‘Bawaajigan: Stories of Power’ explores the challenges of preserving culture, residential schools, sexual assault and racism

Bawaajigan: Stories of Power

Edited by Nathan Niigan Noondin Adler and Christine Miskonoodinkwe Smith, 259 pgs, Exile Editions, exileeditions.com, $21.95

Bawaajigan is the Anishinaabemowin word for dream, but the struggles and, as the title also suggests, forces of power narrativized in this anthology are very present in waking life too.

Ghost stories from a vast range of Indigenous perspectives break away from the usual tropes provided by Victorian England or Christian-saturated Canadiana. The challenges of preserving culture, residential schools, sexual assault and racism are explored through what might otherwise be called speculative or supernatural fiction, the grittier edges balanced by the rich traditions the stories build on. Spirits like the Wendigo and Manitou manifest in varying forms but most often are metonymic symbols for forces of evil and good wielded by humankind.

The knotted up histories of pain and survival converge, for example, in Gerald Silliker Pisim Maskwa’s “Ghost Walk,” as the protagonist Jerry wanders through the halls of a residential school, attempting to free the lost souls who were abused there. In “The Room Was Crowded,” celebrated St: author Lee Maracle masterfully writes a charged backdrop against which the protagonist reclaims his own identity from the darkest hallways of trauma.

In each story, the author’s unique prose lays bare the complex time frames of violence, events, and wisdom — the long, long course of things. It’s a tough but refreshing look at the different way spiritual and cultural power can adapt and surprise, even in the echoes of the darkest struggles.

‘Bawaajigan: Stories of Power’ explores the challenges of preserving culture, residential schools, sexual assault and racism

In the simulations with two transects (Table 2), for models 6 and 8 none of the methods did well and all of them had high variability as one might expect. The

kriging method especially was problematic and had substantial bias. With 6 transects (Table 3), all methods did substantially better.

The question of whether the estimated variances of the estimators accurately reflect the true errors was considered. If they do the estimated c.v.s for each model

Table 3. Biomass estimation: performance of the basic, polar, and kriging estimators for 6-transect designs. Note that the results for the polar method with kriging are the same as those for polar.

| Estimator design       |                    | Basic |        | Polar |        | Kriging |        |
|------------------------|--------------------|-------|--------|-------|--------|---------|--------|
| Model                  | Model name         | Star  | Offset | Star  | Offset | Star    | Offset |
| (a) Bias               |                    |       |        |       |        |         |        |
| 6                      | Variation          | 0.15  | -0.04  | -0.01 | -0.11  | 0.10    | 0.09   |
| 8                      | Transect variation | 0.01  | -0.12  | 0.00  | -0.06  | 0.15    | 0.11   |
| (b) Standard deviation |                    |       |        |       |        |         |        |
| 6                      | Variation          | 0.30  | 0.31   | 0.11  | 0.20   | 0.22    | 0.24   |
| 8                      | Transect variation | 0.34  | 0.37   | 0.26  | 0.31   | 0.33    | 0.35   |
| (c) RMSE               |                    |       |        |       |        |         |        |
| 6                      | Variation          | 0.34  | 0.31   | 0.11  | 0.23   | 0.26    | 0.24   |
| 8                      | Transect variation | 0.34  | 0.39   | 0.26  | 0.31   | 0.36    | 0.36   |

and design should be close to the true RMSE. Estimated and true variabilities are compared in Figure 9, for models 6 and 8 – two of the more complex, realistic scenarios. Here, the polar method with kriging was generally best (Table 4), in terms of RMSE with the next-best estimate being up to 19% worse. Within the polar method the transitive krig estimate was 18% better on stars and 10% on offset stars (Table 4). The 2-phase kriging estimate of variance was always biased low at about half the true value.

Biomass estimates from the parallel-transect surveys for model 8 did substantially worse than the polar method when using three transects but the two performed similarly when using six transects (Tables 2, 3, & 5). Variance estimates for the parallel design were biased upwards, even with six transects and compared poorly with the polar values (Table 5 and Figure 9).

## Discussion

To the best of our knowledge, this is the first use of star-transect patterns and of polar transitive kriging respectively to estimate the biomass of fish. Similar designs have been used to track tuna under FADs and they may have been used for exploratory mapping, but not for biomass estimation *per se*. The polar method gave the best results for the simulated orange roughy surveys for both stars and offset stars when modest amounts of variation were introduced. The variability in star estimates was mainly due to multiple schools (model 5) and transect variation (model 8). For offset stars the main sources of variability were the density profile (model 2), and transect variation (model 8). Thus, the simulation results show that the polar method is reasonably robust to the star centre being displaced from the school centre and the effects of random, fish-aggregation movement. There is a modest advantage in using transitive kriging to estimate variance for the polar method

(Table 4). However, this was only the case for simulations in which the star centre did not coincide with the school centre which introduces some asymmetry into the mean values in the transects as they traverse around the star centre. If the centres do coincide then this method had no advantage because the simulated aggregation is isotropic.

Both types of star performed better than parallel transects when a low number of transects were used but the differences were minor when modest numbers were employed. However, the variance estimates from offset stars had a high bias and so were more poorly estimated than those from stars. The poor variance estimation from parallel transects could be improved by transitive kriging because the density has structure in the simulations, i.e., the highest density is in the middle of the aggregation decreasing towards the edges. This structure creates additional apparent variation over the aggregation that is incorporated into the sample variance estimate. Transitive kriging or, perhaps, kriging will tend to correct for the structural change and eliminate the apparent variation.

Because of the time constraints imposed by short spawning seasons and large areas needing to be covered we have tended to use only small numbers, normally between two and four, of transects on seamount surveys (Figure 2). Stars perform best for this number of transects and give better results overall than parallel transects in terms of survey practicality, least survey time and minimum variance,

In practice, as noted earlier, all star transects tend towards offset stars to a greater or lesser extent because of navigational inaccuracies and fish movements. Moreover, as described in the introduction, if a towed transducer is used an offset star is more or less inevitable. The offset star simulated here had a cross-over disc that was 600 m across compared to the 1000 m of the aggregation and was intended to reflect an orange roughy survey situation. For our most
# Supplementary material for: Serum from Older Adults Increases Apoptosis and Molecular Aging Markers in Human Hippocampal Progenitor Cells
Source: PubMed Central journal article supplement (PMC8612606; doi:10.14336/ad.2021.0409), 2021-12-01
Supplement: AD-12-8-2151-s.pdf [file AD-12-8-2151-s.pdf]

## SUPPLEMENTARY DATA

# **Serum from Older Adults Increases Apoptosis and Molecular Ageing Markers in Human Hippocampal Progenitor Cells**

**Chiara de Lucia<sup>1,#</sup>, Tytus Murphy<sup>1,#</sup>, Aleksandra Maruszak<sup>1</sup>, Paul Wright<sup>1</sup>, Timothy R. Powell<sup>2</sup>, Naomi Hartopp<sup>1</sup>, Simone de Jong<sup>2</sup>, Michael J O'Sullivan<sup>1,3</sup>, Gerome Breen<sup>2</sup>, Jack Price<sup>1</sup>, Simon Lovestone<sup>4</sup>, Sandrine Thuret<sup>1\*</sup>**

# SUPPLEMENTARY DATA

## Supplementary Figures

Bawaajigan: Stories of Power

Edited by Nathan Niigan Noondin Adler and Christine Miskonoodinkwe Smith, 259 pgs, Exile Editions, exileeditions.com, $21.95

Bawaajigan is the Anishinaabemowin word for dream, but the struggles and, as the title also suggests, forces of power narrativized in this anthology are very present in waking life too.

Ghost stories from a vast range of Indigenous perspectives break away from the usual tropes provided by Victorian England or Christian-saturated Canadiana. The challenges of preserving culture, residential schools, sexual assault and racism are explored through what might otherwise be called speculative or supernatural fiction, the grittier edges balanced by the rich traditions the stories build on. Spirits like the Wendigo and Manitou manifest in varying forms but most often are metonymic symbols for forces of evil and good wielded by humankind.

The knotted up histories of pain and survival converge, for example, in Gerald Silliker Pisim Maskwa’s “Ghost Walk,” as the protagonist Jerry wanders through the halls of a residential school, attempting to free the lost souls who were abused there. In “The Room Was Crowded,” celebrated St: author Lee Maracle masterfully writes a charged backdrop against which the protagonist reclaims his own identity from the darkest hallways of trauma.

In each story, the author’s unique prose lays bare the complex time frames of violence, events, and wisdom — the long, long course of things. It’s a tough but refreshing look at the different way spiritual and cultural power can adapt and surprise, even in the echoes of the darkest struggles.